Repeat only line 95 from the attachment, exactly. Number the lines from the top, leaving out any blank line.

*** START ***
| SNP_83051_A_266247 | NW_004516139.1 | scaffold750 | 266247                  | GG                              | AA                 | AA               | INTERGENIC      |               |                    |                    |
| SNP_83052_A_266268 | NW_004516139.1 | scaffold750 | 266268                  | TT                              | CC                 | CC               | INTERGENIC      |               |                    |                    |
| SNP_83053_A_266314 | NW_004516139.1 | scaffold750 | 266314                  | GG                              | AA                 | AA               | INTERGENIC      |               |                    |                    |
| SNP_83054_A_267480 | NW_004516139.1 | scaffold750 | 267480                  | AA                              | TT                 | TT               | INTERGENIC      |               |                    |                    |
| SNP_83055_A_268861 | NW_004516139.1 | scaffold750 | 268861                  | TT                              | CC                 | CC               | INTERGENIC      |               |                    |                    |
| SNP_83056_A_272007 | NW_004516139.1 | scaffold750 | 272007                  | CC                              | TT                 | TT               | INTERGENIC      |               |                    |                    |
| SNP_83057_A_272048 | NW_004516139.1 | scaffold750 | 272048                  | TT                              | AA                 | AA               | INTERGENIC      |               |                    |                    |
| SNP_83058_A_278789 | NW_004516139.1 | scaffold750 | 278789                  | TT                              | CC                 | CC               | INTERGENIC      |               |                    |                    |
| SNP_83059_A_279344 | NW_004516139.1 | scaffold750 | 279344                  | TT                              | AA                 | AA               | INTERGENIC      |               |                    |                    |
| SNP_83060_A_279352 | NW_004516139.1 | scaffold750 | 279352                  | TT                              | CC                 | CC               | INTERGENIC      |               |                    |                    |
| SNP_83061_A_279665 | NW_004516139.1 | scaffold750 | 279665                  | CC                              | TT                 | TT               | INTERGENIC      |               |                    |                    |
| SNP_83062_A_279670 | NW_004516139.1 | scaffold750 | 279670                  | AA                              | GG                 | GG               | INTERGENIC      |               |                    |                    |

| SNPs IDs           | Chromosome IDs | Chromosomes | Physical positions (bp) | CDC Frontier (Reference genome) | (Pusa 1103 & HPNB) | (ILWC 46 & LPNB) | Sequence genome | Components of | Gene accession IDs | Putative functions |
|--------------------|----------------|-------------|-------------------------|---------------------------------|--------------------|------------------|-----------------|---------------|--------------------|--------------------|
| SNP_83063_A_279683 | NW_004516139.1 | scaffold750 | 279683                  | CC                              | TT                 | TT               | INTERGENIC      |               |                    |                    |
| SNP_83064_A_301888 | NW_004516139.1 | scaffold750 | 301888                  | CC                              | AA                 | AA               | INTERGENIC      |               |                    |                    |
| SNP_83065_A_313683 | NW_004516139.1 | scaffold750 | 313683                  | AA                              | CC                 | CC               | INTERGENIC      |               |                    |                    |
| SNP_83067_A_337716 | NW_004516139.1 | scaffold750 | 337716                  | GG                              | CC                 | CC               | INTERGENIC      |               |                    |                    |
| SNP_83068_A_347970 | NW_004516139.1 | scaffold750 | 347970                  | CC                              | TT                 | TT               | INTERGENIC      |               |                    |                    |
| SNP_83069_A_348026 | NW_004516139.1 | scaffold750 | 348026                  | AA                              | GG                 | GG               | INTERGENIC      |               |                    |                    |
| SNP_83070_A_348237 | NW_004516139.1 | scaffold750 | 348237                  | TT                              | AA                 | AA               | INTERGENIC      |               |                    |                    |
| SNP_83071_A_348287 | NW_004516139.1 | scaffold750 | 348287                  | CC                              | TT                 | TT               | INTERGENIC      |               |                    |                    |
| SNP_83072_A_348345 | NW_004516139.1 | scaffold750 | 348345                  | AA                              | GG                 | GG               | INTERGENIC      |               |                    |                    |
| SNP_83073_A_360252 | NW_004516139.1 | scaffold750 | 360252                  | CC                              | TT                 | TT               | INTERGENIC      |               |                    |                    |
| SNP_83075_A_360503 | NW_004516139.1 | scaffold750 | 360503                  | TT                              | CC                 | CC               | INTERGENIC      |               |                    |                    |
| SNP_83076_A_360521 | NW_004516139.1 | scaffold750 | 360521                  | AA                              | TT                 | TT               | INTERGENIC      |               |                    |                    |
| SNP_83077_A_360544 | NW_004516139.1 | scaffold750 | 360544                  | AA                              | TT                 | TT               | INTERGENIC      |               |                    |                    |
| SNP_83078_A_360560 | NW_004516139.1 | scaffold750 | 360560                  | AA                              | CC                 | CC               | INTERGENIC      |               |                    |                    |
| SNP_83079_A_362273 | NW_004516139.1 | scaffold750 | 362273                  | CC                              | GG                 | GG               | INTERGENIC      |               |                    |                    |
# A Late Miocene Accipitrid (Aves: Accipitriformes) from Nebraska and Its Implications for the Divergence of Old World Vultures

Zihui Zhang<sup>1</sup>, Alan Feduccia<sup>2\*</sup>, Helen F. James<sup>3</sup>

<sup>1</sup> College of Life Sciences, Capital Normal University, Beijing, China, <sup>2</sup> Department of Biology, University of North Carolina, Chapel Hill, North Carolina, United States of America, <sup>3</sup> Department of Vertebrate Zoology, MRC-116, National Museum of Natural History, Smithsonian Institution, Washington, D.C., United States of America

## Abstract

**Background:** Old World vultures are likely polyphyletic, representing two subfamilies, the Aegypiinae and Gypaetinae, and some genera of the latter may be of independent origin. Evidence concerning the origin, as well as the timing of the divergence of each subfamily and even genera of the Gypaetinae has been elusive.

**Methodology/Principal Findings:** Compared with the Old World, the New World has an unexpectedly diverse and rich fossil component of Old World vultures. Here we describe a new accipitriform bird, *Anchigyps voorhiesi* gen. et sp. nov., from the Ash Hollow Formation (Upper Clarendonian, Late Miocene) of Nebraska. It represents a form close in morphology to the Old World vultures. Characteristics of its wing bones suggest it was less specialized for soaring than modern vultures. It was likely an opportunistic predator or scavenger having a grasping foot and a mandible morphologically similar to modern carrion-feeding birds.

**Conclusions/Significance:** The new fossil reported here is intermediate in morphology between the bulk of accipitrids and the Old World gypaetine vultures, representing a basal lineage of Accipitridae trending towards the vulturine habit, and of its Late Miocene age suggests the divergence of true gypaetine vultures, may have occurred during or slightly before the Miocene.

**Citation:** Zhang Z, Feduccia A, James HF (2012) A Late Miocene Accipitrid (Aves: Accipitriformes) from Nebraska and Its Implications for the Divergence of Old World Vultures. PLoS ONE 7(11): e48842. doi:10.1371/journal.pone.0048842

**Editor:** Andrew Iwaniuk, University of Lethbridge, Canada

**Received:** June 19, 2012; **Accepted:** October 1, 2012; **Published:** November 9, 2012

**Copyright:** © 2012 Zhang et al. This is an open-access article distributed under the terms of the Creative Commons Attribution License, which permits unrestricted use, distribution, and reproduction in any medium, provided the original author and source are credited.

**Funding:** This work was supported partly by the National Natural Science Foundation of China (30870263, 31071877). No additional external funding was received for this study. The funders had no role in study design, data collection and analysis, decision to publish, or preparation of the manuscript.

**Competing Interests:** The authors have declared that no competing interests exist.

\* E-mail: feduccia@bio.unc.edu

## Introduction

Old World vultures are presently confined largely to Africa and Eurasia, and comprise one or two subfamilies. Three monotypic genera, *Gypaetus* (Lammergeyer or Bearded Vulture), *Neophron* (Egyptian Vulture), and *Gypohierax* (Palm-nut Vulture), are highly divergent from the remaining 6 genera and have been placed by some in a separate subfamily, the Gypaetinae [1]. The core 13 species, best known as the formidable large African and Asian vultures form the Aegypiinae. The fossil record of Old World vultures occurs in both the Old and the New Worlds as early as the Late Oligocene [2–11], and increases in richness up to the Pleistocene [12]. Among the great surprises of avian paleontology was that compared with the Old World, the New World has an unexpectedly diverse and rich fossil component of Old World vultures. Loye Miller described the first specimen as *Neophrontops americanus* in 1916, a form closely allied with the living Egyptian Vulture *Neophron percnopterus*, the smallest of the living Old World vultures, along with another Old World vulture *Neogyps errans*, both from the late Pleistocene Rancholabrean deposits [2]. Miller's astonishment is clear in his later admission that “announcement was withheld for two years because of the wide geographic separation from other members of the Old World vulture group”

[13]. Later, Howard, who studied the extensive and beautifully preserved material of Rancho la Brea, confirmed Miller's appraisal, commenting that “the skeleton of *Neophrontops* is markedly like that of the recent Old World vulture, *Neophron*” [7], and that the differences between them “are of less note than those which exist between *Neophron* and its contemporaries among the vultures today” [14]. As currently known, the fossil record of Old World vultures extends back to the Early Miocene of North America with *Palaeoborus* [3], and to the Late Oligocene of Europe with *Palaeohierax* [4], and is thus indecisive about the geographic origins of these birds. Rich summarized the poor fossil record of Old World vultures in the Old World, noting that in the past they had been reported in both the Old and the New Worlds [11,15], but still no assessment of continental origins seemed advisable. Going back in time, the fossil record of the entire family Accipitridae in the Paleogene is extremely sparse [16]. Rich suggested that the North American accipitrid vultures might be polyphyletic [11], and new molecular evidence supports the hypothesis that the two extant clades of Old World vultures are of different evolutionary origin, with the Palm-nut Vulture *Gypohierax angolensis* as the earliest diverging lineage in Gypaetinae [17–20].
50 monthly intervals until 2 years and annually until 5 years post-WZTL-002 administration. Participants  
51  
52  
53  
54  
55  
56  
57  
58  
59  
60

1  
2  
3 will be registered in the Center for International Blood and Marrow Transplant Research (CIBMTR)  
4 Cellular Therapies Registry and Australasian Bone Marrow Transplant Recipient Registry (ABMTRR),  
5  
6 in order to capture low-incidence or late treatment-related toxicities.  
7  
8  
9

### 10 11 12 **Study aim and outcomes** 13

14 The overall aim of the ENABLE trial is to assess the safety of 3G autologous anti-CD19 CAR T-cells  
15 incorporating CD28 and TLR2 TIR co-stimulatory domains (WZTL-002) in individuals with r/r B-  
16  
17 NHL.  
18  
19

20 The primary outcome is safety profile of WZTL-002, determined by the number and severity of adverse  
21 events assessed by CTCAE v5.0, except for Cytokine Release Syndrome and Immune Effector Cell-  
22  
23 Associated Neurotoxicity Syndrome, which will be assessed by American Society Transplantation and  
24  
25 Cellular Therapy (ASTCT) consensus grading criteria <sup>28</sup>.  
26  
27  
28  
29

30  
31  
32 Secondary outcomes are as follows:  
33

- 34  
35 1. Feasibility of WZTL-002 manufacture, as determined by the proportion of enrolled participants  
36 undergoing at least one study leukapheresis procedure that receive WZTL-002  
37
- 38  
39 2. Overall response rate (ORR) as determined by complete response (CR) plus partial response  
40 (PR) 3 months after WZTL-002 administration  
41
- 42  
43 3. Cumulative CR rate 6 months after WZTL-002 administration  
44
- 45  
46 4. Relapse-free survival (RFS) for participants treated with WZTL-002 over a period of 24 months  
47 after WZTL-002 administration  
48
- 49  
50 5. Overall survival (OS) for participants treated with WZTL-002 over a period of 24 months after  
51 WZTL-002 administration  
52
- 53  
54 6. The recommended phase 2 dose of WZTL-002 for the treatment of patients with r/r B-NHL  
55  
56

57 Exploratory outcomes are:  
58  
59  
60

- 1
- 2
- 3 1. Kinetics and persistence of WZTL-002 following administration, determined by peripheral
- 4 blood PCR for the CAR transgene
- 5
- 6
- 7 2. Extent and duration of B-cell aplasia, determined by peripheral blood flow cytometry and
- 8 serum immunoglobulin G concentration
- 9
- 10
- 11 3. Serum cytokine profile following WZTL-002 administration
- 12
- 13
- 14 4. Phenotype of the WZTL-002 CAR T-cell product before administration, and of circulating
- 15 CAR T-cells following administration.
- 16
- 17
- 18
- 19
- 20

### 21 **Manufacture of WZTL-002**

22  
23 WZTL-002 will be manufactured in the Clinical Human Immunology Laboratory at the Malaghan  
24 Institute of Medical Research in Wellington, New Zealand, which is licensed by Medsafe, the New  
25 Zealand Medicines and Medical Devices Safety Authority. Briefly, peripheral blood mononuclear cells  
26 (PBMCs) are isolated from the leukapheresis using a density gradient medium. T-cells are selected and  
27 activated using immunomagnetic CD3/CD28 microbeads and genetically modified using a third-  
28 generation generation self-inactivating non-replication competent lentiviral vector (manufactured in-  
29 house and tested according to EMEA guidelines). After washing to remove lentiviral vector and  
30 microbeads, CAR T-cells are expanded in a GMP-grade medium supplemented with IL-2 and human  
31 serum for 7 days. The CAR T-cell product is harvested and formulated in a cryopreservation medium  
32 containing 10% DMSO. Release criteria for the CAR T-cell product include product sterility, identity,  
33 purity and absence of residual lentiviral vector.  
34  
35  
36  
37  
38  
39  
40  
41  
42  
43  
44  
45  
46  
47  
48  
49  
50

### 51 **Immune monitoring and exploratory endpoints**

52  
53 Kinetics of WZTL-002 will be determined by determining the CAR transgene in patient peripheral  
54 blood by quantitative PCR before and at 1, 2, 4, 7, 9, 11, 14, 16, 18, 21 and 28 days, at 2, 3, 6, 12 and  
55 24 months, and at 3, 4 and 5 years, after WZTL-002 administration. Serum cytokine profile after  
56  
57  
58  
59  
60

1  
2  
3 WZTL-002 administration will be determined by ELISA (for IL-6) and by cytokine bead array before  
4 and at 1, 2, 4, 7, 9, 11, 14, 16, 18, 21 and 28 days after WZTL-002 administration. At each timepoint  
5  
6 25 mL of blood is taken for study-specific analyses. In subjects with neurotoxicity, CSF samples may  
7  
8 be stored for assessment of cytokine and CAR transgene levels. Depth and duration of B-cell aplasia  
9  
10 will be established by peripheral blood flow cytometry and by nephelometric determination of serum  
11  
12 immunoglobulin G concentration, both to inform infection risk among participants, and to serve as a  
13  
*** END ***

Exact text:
41